Saturday, May 8, 2010


Every Year, starting in early spring, I can be found competing for the illustrious title of "Town Crazy Lady." You can see me in fields off the side of the road, cozzying up to old abandoned barns, or trekking into the over-growth behind parking lots in search of various wild edibles. This juice was made from last year's harvest of dehydrated Staghorn Sumac. Before you even get a chance to ask--no, it's not poison Sumac. Yes, I am sure. There is a big difference in the plants and it is pretty impossible to confuse, let me show you:

This is Staghorn Sumac. It is bright red, fuzzy and grows everywhere.

Above are pictures of poison sumac. It makes white berries that are in no way similar to the yummy staghorn sumac.

After the berries are soaked it makes a juice that taste a lot like pink lemonade. The berries (which are really fuzzy seeds) are high in vitamin C and tannic acid. So it's good for you too. I prefer to sweeten it a little, but it doesn't take a ton of sugar (or other sweetener) to make it drinkable. In fact, you can drink it unsweetened, but it's just a little tart for my taste.

Around here (Eastern Massachusetts) the "berries" are ready in late summer/early fall. You want to harvest them when the clusters are a deep red, but before any heavy rainfall has a chance to wash the flavor away. Russ Cohen, a local wild edible guru, says the way to tell if it's ripe is to lick your finger and shove it into a cluster. If it then tastes tart and tangy, it's ready. You will know if it's not ripe, it just won't taste like much. If you're in doubt, it's probably not ready.

Take about a dozen to 2 dozen clusters, depending on taste, and break them up into a bowl or pot, add about a gallon and a half of cold water. The water must be cold as hot water can leach out too much of the bitter tannic acid. I weight the sumac down with plates because they float and I like to be sure that they are submerged. From what I understand, this juice can now be ready in about 5 minutes. I however, like to let it soak over night. But to be honest with you, I'm not sure how much stronger this extra time makes the juice. I haven't done extensive experiments.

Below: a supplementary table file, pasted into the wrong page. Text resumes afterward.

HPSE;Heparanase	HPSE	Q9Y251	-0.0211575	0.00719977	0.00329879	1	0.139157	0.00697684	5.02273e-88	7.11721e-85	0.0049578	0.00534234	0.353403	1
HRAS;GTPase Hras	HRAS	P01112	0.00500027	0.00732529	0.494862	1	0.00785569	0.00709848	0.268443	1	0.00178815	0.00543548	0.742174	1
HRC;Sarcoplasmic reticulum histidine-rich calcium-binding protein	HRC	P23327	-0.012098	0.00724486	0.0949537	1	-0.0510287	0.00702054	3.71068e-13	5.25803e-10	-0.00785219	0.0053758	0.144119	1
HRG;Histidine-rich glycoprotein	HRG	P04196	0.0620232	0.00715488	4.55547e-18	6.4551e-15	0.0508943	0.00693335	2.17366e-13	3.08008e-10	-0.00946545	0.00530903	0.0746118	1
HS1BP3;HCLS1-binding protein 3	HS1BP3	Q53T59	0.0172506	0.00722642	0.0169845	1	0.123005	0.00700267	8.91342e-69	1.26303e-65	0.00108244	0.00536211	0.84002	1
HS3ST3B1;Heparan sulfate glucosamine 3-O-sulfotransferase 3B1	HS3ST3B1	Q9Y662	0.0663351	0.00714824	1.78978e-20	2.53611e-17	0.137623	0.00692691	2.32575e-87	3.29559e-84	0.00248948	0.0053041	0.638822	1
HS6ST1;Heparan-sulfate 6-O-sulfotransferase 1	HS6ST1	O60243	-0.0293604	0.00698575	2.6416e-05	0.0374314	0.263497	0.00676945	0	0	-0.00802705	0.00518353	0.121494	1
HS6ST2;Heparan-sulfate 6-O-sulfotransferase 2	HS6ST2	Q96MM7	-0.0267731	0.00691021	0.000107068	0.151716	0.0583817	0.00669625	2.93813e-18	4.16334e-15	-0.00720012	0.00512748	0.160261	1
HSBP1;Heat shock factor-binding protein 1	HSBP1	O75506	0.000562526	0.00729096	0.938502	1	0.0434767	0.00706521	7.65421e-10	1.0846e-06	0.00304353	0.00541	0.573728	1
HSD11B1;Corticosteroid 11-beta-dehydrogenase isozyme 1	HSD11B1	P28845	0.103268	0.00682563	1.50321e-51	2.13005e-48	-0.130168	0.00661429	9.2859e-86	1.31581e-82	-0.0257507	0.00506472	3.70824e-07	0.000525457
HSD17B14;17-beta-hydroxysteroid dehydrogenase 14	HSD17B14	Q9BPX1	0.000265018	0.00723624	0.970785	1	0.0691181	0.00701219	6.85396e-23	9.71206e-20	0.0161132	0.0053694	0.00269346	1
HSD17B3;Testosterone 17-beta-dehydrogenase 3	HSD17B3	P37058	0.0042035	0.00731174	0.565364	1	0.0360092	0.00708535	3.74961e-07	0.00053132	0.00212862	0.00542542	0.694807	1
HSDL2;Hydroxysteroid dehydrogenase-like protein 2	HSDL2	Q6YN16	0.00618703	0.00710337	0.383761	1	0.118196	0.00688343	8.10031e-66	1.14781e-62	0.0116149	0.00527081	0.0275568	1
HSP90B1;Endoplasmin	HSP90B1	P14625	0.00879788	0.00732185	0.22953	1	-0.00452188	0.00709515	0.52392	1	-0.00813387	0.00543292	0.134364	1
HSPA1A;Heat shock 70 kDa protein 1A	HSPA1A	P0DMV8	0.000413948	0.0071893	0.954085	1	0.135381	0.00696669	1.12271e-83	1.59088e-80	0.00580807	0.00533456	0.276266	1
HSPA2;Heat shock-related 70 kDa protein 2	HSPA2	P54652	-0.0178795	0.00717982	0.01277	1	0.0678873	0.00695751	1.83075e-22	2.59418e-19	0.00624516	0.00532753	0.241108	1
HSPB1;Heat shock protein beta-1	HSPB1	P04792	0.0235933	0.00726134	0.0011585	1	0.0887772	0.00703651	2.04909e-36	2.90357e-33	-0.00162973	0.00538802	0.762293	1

Justify Full

Once the berries have soaked (or five minutes or 12 hours, depending) you need to stain them through a cloth or old coffee machine filter. The clusters are hairy and it is pretty unpleasant to drink the hairs so you just want to be sure you've got them all. After that the juice is either ready to be consumed or sweetened and then consumed. I use about 1 cup of sugar dissolved in 2 cups mildly warm water to a gallon and half of strained sumac juice. That's really not a lot of sugar, and i feel like it just makes it's a little bit more delicious. And shouldn't everything be as delicious as it can be?

Over the summer I also canned black berry juice concentrate into jelly jars. I use one jar to about 7 cups of water and 1/2 a cup of sugar. I like to mix this juice with the sumacade. It gives it a juicier color and taste really really good. (You can see the color difference in the first photo. The juices on the left are pure sumac, the ones on the right are about 25-50% blackberry juice).

For the record both of my children (2 and 4) will happily drink either of these juices all day long. So they are kid approved.

So the recipe is:

12-24 Clusters of ripe sumac clusters broken up into
1.5 gallons of cold water, weighed down with a plate and left to steep overnight

Strain juice well

Dissolve 1 cup sugar into 2 cups warm water mix with sumac juice and enjoy!

1 comment:

  1. Yeah!! Thank you for sharing! I am going to write down in my calander....collect sumac "RED" berries & refer back to your post so we can make some yummy juice (and it is yummy I have triied it first hand!)